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Henry Abbey

Faciebat

As thoughts possess the fashion of the mood
That gave them birth, so every deed we do,
Partakes of our inborn disquietude
That spurns the old and reaches toward the new.
The noblest works of human art and pride
Show that their makers were not satisfied.

For, looking down the ladder of our deeds,
The rounds seem slender. All past work appears
Unto the doer faulty. The heart bleeds,
And pale Regret turns weltering in tears,
To think how poor our best has been, how vain,
Beside the excellence we would attain.

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To Baffle Time

To baffle time, whose tooth has never rest,
And make the counted line, from page to page,
Compact, fulfilled of what is apt and best,
And vibrant with the keynote of the age,
This is my aim; and even aims are things;
They give men value who have won no place.
We pass for what we would be, by some grace,
And our ambitions make us seem like kings.
But never yet has destiny's clear star
For aimless feet shed light upon the way.
So have I hope, since purpose sees no bar,
To write immortally some lyric day,
As Lovelace did when he informed the lay
Inspired by Lucasta and by war.

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What do we plant when we plant a tree?

What do we get when we plant the tree?
We plant the ship which will cross the sea;
We plant the pencils to scribble our notes,
We plant the ballots to cast our votes;
We plant the paper in which we read,
The news that o'er wooden poles we speed,
We plant the piles to erect our docks;
We plant the rayon for shirts and socks.

What do we plant when we plant a tree?
We plant the houses for you and me;
We plant the rafters, the shingles, the floors,
We plant the studding, the lath, the doors,
The beams and siding, all the parts that be;
We plant the house when we plant the tree,
We plant the barrel, the box, the crate;
In which to ship all sorts of freight.

What do we plant when we plant a tree?
A thousand things that we daily see,

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The Sunken City

I walked beside a quiet sea,
At starlight, while the west was gray
And clear, though faint and far away;
Through the stilled water, forth me,
Voices of bells came dreamily;
No breeze more manifest than they.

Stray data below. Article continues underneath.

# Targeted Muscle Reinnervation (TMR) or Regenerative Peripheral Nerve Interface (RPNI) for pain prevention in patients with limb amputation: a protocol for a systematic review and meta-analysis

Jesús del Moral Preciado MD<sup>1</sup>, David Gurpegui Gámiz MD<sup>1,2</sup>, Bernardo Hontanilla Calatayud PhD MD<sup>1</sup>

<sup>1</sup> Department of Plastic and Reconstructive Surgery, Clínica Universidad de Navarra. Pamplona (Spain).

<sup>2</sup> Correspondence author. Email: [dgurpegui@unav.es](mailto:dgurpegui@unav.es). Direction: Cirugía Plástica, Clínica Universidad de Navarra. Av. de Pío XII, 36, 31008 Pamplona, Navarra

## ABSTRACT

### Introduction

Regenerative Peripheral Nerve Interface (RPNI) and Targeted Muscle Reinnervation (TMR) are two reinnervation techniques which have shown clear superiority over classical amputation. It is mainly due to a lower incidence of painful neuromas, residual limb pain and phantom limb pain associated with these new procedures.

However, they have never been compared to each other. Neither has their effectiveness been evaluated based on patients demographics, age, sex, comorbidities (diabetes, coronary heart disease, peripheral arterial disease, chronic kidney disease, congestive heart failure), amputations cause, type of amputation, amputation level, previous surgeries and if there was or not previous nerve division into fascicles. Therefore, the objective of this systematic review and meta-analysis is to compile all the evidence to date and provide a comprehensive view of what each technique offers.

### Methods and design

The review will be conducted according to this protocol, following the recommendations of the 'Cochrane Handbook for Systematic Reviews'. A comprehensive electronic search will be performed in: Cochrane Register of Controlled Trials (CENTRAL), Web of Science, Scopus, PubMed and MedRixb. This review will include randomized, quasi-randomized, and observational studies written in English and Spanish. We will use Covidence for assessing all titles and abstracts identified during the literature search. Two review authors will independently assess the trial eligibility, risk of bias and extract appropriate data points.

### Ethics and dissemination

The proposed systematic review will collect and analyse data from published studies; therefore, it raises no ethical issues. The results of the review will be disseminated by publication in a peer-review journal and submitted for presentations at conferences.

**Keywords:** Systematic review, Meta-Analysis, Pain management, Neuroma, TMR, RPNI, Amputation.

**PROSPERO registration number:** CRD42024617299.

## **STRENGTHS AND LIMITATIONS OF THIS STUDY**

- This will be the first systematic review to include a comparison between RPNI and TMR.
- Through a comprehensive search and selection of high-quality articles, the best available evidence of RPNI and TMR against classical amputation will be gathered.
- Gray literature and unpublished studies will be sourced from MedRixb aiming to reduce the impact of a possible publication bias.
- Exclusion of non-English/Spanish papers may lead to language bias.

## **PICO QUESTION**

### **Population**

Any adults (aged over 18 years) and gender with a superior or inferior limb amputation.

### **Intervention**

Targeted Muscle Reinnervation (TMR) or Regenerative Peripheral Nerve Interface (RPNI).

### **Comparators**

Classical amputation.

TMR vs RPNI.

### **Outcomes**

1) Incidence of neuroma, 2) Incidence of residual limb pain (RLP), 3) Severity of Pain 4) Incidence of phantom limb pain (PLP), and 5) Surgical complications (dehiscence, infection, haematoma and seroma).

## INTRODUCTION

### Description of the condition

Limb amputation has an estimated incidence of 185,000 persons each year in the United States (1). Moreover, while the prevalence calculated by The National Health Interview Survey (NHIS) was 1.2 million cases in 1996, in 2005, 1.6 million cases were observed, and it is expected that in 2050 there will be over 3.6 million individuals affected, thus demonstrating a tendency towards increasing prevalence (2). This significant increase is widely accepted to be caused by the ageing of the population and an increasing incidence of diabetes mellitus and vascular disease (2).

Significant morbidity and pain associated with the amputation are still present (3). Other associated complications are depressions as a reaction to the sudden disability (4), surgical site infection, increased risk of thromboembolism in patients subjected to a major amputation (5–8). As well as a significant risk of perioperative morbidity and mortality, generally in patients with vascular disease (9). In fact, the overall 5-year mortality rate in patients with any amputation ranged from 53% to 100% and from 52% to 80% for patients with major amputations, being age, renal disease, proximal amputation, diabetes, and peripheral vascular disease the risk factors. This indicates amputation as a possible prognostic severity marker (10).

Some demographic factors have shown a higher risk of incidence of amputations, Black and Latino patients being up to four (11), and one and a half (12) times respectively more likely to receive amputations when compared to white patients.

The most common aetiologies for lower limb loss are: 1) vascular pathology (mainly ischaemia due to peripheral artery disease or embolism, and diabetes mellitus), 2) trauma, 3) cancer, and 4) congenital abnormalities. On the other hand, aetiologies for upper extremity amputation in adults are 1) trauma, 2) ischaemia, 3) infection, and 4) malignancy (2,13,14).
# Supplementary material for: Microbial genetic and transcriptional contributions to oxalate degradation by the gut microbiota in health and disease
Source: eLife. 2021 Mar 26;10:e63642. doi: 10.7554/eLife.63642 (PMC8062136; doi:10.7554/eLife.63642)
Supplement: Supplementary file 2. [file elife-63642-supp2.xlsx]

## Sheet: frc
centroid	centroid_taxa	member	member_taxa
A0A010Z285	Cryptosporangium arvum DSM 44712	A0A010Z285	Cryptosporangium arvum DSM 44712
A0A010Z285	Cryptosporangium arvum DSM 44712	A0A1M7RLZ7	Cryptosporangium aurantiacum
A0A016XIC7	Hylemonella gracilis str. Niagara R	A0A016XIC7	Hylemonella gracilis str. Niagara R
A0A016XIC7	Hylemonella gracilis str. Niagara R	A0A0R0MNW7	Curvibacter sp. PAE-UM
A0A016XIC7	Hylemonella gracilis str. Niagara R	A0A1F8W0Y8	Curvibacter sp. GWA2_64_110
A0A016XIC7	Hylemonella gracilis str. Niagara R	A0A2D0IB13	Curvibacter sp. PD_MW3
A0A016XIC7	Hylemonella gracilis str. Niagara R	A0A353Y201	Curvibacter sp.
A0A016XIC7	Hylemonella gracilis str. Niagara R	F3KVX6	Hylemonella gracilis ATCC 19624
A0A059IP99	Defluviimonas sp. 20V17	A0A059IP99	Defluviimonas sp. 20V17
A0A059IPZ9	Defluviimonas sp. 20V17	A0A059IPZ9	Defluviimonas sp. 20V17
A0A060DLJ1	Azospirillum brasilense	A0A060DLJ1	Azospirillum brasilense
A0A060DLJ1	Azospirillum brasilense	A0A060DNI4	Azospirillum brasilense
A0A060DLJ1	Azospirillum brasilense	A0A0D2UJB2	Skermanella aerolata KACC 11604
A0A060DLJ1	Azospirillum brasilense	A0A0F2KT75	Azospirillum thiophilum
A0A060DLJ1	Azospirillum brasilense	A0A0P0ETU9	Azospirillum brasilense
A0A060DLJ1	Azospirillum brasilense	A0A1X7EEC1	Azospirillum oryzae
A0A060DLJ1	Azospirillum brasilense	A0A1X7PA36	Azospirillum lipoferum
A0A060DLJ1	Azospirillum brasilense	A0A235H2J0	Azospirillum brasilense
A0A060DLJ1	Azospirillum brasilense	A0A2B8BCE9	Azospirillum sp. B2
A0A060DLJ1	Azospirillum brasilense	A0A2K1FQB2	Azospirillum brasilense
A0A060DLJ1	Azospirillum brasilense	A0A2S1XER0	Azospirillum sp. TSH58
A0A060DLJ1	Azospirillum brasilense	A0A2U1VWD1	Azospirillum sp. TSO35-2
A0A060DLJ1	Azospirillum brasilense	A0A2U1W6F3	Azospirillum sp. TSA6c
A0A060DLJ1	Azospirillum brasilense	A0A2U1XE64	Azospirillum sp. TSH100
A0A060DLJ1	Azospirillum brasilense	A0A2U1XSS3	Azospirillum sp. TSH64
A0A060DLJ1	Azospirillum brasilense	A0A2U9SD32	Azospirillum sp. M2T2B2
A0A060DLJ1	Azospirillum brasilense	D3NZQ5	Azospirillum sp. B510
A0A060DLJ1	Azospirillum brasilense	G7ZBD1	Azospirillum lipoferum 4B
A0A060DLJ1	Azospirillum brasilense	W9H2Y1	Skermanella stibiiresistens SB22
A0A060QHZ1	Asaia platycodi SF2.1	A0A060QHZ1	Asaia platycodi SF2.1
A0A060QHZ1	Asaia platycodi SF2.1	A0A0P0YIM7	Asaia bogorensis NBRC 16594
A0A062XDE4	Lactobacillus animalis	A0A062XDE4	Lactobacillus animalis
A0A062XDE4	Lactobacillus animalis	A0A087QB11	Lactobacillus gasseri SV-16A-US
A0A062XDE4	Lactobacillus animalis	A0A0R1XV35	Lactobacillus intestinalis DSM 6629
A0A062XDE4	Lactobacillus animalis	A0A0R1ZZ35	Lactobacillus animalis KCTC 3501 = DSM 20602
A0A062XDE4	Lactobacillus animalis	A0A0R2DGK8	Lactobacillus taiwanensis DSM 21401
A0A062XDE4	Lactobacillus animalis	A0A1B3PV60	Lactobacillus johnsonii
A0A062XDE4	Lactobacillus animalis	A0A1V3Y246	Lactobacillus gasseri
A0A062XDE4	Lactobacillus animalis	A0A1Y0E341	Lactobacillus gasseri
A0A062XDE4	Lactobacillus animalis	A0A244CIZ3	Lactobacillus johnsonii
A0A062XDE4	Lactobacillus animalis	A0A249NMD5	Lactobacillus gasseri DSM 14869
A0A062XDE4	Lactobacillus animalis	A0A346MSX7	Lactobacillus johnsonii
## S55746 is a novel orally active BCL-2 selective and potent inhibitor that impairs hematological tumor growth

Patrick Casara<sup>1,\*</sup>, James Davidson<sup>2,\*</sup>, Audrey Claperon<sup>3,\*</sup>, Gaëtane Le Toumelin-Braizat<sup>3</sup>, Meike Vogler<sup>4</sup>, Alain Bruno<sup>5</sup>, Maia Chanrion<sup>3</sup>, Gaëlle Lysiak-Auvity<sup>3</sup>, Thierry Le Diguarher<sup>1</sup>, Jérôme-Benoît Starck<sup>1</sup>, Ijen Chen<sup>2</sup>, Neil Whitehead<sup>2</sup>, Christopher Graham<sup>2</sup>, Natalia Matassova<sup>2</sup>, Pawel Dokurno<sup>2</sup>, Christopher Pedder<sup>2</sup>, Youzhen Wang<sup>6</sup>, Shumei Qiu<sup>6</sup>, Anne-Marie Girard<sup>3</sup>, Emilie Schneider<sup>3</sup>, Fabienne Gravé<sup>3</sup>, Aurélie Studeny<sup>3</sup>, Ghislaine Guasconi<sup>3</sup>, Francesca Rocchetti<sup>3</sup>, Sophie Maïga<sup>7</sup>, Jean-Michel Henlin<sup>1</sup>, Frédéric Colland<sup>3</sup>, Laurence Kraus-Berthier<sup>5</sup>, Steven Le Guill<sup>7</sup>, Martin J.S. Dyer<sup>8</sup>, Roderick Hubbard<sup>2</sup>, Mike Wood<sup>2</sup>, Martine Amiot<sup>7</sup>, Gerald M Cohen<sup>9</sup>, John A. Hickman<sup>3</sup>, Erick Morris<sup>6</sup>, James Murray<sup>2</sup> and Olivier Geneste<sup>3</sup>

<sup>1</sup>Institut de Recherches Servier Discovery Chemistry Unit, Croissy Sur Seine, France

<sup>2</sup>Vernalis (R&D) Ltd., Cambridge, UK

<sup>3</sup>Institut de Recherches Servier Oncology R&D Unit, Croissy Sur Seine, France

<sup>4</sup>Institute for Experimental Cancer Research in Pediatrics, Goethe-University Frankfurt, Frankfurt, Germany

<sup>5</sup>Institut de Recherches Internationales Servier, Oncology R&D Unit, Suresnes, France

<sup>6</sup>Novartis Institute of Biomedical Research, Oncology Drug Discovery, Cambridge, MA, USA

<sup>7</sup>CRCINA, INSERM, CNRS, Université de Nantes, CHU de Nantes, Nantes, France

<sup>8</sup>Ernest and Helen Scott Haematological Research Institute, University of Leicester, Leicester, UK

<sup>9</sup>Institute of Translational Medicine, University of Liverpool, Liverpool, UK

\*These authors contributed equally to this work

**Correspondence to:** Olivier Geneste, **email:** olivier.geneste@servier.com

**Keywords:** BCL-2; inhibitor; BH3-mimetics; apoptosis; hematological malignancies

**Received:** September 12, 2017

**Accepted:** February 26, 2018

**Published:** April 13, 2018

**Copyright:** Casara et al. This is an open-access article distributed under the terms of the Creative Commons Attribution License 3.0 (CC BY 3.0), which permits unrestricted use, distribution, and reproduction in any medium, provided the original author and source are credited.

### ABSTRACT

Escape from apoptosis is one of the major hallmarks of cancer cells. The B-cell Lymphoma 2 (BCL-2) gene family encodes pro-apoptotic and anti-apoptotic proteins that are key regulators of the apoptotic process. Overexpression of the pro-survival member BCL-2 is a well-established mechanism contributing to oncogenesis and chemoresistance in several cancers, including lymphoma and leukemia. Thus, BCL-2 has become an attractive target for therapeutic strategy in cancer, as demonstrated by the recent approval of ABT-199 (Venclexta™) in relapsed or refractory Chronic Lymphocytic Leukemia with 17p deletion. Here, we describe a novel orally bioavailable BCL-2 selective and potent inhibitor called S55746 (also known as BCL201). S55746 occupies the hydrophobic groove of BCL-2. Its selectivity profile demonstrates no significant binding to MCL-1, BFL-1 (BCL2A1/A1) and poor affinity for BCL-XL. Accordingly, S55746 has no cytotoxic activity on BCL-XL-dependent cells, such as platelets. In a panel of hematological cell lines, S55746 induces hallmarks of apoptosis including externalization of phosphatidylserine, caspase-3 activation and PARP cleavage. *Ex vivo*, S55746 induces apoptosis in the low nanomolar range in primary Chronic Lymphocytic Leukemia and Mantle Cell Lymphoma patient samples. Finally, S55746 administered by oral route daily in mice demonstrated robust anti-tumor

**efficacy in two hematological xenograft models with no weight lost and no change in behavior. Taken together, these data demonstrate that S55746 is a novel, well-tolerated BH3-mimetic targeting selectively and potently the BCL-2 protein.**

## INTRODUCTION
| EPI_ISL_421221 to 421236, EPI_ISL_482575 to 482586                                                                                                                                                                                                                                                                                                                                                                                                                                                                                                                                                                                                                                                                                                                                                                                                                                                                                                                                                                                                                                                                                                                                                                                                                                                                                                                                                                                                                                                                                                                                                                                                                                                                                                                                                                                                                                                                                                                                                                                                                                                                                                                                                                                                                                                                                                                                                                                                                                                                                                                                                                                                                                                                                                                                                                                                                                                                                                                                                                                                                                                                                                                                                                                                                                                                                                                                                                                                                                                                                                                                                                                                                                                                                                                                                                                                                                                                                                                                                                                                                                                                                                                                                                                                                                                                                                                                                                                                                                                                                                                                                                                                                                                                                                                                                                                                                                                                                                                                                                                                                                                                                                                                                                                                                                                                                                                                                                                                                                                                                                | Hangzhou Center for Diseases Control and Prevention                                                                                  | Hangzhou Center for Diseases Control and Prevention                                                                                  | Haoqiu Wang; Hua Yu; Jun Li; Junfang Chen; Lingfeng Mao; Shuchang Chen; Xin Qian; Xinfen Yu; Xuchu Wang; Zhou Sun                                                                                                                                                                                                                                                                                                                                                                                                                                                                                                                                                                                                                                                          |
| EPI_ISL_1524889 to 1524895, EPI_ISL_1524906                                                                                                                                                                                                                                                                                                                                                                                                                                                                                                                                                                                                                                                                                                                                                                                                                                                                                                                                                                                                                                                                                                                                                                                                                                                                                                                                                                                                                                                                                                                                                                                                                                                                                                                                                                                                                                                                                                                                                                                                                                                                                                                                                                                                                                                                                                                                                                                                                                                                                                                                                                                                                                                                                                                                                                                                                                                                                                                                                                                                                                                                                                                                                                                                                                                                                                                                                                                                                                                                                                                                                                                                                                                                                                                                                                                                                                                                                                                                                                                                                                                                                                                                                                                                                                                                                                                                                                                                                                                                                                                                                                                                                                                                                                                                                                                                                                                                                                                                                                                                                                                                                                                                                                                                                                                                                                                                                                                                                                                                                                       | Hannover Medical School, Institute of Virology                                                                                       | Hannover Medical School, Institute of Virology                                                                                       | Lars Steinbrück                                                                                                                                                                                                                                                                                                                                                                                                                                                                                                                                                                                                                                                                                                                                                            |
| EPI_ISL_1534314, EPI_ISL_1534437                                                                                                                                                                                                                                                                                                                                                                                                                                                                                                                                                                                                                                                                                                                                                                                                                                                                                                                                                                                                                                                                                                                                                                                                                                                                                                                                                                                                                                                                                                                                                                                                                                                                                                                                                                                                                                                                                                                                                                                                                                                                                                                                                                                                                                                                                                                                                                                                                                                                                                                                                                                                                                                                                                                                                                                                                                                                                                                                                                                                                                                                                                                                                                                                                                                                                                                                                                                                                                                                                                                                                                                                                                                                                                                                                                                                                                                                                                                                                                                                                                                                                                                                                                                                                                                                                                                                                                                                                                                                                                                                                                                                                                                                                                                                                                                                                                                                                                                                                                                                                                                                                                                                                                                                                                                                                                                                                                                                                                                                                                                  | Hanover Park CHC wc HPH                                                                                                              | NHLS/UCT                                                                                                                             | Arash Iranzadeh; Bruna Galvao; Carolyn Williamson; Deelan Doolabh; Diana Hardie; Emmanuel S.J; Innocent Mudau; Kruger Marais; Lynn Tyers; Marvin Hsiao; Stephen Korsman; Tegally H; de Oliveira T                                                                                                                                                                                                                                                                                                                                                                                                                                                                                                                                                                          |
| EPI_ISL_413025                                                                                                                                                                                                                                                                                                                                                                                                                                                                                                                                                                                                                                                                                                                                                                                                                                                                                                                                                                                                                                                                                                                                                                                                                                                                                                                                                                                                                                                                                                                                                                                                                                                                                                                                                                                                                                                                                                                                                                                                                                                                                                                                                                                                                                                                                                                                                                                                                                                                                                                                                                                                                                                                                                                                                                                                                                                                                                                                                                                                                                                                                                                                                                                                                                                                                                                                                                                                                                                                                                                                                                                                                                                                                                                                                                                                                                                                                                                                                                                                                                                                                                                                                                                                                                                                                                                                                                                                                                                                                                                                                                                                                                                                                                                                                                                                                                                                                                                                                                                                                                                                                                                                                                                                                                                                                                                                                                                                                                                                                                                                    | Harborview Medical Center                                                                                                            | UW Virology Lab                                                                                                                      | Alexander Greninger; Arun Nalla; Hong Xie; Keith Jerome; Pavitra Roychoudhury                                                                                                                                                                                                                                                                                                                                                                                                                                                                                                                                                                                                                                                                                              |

Some say a thousand years ago
There throve a city on an isle
Beyond the headland, mile on mile,
Which, in a night of fear and woe,
Sank in the glassy depth below—
Sank tower and dwelling, beam and tile.

And now, when twinkling skies are clear,
Withing the sunken city there,
The sad ghosts ring their past despair
Out on the mermen’s atmosphere—
Ring loudly all, that life may hear
Dead sadness stir the ample air.

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The French Marshal

McMahon up the street of Paris came,
In triumph from Magenta. Every one
Had heard and praised the fearless marshal’s name,
And gloried in the deeds that he had done.
Crowds packed the walks, and at each seperate glass
A face was set to see the hero pass.

Grand music lifted in the morning air
Its eloquent voice. Loud-mouthed bells were rung,
Guns boomed till echoes welcomed everywhere;
On buildings and in streets proud flags were hung,
Half like the flags of brain-silk wrought with gold,
That hang on Shakespeare’s pages, fold on fold.

But while the marshal up the street made way,
There came a little girl clothed all in white,
Bringing in happy hands a large bouquet;
Her flower-sweet face seemed fragrant with delight.
Well pleased, the soldier, dark and fierce at need,
Raised up the child before him on his steed.

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The Roman Sentinel

Death or dishonor, which is best to taste?
A Roman sentinel in Pompeii,
When God’s hot anger laid that city waste,
Answered the question, and resolved to die.
His duty was, upon his post to bide
Till the relief came, let what might betide.

He stood forgotten by the fleeing guard,
Choosing that part which is the bitterest still,
His face with its fixed purpose cold and hard,
Cut in the resolute granite of his will.
“Better,” he said “to die, than live in shame;
Death wreathes fresh flowers round a brave man’s name.”

Life is the wave’s deep whisper on the shore,
Of a great sea beyond. The sentry saw
That day the light in broad sails hoisted o’er
The drifting boat of dawn; nor dreamed the flaw,
The puff called death, would blow him with them by
Out to the boundless sea beyond the sky.

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